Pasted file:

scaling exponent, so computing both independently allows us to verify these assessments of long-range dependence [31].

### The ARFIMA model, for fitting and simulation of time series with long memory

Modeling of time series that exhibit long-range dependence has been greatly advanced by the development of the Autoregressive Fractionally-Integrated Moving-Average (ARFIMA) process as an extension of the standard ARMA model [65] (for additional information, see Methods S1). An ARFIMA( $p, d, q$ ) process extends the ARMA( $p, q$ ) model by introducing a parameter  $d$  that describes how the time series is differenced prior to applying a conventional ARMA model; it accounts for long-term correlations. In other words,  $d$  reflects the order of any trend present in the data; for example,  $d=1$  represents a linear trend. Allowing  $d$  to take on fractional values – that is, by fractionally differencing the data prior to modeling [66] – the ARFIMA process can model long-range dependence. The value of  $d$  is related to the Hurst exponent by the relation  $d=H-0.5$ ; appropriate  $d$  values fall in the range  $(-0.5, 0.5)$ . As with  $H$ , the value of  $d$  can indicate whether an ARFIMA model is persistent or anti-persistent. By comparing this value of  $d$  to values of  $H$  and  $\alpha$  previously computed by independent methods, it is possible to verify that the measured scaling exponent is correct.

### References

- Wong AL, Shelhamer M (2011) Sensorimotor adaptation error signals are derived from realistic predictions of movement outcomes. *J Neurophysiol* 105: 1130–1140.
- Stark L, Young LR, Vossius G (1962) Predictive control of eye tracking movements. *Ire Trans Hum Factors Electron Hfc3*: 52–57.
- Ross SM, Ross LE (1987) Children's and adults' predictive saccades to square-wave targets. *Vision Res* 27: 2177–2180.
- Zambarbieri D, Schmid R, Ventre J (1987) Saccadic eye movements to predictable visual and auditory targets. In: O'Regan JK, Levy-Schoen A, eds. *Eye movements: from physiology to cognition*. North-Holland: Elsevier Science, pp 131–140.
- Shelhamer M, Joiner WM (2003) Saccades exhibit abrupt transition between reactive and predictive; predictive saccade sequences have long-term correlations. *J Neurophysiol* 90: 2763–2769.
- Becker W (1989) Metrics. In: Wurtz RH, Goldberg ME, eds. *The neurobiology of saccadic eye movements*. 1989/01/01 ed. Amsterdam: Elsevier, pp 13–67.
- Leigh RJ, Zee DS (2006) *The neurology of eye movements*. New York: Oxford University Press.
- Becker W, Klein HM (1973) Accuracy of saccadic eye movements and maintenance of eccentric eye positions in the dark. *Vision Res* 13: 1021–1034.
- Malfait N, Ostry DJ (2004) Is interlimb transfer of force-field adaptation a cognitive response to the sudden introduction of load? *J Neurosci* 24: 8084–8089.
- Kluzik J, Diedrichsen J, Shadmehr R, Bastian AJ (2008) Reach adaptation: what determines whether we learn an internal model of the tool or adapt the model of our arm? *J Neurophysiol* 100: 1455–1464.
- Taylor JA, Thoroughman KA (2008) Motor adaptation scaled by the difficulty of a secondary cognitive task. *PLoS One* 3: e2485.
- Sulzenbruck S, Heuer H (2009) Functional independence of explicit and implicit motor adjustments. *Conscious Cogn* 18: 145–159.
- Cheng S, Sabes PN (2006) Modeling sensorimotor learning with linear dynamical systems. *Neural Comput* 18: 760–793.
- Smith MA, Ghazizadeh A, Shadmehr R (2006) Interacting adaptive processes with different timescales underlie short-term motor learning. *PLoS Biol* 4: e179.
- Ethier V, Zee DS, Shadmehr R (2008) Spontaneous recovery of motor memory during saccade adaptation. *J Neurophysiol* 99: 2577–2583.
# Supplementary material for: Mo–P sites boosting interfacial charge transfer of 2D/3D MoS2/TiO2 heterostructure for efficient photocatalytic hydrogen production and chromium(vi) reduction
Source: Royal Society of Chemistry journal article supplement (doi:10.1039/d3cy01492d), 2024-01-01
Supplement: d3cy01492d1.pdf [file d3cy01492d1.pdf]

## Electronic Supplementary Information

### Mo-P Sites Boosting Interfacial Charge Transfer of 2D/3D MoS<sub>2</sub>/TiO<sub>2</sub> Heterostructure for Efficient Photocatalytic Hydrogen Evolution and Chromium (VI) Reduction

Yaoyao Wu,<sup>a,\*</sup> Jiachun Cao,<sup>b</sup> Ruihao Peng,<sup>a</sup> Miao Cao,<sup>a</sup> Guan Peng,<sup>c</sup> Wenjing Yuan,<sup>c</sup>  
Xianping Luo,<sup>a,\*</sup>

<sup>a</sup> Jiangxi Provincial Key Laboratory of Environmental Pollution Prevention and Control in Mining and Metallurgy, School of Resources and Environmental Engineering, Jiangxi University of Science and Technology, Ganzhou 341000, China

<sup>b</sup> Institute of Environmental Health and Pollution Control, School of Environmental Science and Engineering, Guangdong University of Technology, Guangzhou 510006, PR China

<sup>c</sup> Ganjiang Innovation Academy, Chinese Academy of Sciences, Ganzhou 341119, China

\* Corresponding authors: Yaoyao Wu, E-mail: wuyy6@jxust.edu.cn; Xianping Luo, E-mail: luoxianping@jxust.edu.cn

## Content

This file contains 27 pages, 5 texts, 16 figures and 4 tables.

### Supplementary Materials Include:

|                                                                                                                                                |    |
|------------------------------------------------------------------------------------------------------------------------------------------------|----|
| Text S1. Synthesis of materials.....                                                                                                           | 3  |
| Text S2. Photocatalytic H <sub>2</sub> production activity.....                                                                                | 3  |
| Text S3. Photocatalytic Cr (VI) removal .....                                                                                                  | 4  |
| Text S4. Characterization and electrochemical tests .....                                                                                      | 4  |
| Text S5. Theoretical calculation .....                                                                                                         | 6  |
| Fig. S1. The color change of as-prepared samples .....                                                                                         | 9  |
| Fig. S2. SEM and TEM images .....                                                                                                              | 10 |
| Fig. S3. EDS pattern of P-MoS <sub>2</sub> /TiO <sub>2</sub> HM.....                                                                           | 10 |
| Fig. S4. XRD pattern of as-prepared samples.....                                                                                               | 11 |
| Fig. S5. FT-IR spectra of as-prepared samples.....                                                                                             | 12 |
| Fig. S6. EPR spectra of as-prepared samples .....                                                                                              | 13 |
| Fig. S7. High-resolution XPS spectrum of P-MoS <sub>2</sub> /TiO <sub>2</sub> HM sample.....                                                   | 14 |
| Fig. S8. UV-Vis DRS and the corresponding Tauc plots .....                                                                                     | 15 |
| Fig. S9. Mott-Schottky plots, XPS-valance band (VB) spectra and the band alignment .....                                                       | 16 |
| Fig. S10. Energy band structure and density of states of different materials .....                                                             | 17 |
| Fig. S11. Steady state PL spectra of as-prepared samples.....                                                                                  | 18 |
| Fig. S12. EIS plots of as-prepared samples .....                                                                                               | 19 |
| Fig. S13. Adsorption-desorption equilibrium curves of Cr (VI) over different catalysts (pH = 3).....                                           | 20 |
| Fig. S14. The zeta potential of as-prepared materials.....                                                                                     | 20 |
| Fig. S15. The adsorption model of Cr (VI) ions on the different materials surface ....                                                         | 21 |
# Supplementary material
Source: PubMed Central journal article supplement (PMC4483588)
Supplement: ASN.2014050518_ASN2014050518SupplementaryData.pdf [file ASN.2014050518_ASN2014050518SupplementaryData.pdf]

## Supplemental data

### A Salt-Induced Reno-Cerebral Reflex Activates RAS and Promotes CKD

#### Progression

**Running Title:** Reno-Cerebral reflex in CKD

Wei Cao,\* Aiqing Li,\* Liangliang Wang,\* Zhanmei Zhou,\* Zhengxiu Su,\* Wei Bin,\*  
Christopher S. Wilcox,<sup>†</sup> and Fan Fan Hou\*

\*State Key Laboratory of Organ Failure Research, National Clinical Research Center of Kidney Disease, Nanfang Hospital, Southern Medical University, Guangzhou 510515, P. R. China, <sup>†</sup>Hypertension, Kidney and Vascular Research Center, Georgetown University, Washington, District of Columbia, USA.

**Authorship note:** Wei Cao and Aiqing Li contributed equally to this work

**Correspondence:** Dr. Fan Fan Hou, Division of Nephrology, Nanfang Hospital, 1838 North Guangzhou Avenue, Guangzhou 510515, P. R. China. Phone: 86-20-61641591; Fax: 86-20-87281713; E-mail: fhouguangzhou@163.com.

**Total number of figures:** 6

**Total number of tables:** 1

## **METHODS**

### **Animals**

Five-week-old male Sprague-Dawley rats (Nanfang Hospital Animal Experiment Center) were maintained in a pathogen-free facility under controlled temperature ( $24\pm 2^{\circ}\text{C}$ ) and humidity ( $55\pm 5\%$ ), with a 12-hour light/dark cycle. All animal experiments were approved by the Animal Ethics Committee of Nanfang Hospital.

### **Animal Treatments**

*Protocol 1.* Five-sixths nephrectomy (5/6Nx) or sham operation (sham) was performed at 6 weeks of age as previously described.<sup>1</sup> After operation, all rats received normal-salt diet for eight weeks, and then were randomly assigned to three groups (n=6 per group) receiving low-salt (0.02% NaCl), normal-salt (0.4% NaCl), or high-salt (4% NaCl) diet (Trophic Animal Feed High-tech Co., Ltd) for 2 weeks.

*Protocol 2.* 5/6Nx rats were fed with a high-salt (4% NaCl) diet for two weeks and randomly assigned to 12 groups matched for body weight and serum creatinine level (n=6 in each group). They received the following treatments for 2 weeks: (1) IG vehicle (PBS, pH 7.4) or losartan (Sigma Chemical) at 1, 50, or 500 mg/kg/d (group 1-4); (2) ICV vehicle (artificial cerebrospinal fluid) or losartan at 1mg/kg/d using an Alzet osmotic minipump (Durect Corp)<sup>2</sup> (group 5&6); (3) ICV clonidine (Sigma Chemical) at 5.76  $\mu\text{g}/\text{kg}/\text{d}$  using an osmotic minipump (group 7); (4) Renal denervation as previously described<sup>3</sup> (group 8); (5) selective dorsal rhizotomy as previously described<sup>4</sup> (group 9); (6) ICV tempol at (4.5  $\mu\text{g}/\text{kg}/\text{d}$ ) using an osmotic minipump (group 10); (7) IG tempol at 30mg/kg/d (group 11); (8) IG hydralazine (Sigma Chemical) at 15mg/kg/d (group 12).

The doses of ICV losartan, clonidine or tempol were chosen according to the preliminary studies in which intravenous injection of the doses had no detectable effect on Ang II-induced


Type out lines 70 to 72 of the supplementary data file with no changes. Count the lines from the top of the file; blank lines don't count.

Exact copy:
## **METHODS**

### **Animals**

Five-week-old male Sprague-Dawley rats (Nanfang Hospital Animal Experiment Center) were maintained in a pathogen-free facility under controlled temperature ( $24\pm 2^{\circ}\text{C}$ ) and humidity ( $55\pm 5\%$ ), with a 12-hour light/dark cycle. All animal experiments were approved by the Animal Ethics Committee of Nanfang Hospital.